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Magic Man13
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PostSubject: The Motion Offense   Tue Jul 13, 2010 9:56 am



What is Motion Offense?

Motion offense is an offensive strategy that focuses on moving within a set of rules instead of utilizing plays that the coach develops and the team practices. The highlights of motion offense are player movement, floor spacing, passing, and setting screens.

The benefit of motion offense is that it can hide the deficiencies in a team and allow coaches to maximize the team’s strengths. All that changes based on a team’s strengths is the rotation pattern, which athletes can learn quickly, leaving more time for practice and less time for memorization.

Rules of Motion Offense

There are several basic rules to motion offense. By working within these rules, players and coaches can control the offensive situation and ensure that there is always someone available for a pass or shot. The rules of motion offense are:

1. Players should stay spread out, about 12-15 feet apart. Spacing is crucial to avoid double-teams and other aggressive defensive tactics.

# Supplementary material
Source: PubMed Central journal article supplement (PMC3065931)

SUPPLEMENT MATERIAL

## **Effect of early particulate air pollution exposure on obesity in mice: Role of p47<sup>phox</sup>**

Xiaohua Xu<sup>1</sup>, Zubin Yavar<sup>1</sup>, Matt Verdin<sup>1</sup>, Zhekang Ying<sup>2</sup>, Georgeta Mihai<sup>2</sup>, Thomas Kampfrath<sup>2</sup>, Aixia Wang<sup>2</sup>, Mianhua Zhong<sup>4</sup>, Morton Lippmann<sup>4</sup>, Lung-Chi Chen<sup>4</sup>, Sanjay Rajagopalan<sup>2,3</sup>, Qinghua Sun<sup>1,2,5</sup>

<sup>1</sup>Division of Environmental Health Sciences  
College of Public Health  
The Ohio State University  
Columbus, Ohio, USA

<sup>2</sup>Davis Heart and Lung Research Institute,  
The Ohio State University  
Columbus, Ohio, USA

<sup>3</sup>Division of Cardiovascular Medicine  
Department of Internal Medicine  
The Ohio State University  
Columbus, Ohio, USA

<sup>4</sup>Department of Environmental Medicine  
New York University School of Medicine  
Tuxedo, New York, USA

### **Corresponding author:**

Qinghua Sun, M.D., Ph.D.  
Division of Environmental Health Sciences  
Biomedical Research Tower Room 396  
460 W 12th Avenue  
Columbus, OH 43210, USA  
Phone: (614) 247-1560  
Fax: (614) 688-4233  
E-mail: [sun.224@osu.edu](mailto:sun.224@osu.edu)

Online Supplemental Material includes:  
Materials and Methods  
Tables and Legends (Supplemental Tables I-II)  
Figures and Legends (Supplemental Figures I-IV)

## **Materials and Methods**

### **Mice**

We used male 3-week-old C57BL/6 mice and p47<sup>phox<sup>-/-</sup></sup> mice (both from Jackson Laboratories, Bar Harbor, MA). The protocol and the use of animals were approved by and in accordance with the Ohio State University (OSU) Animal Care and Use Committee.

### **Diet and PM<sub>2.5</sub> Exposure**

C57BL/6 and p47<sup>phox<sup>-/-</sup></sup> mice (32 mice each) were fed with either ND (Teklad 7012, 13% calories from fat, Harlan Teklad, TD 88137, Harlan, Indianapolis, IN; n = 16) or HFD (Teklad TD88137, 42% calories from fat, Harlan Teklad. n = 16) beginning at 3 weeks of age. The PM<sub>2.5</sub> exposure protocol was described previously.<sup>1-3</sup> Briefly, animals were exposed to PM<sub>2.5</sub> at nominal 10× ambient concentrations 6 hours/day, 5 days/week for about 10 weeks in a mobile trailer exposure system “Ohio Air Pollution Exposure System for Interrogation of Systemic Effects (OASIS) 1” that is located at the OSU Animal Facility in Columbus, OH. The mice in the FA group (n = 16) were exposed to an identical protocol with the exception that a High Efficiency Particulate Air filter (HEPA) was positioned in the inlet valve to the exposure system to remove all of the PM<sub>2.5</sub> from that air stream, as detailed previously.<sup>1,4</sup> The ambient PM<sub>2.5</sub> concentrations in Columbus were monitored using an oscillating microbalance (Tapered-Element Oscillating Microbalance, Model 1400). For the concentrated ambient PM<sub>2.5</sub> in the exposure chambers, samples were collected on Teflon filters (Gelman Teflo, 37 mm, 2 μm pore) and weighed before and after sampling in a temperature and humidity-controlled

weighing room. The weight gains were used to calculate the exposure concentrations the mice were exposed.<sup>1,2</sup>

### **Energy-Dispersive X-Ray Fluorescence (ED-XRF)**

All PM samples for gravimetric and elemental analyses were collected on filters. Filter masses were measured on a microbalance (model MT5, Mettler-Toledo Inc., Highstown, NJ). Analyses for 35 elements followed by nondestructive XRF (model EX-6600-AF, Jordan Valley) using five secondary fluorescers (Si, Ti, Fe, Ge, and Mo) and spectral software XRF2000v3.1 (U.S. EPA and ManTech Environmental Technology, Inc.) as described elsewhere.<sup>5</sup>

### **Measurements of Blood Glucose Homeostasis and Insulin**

2. Players on the perimeter should look for the ball when they have three options: to shoot, to drive to the hoop or to pass.

3. Be patient. When players receive the ball, they should wait until they have the three options mentioned above before moving. By not beginning to dribble, players keep their options open and can avoid an interception.

4. Players may dribble for the following reasons: penetrate defensive gaps, take a shot, switch places with another player, avoid the 5-second count, and improve their passing ability.

5. Players must always be moving, but always with a purpose.

6. Never pass to someone standing still.

Five Out Motion Offense

This motion offense play covers the weakness of having no good post players but several good guards. Three players spread around the 3-point line, with the other two just inside the 3-point line near the basket.

There are several rules, characteristic of motion offense, to this play. When players do not have the ball, they should:

1. Cut back if they cannot get the open pass. For example, if Player 1 is at the top of the key and wants to pass to Player 2 on the wing but can’t get a pass off, Player 2 should cut into the post position to try to get open.

2. If the defender won’t allow a player to cut into the paint for a pass, they should instead push outside to spread out the defense.

3.Fill an open spot when a teammate cuts or drives.

4.If a player cannot get a pass within two seconds, they should move on and try again.

Conclusion

Motion offense is a highly useful strategy for teams because it matches up with any defense. Because motion offense relies on a loose set of rules instead of set plays, the offense can adjust to any defense and continue moving. Motion offense is also beneficial because it allows teams to cover their weaknesses and move in patterns that maximize their strengths.

Pat Anderson, Buzzle.com
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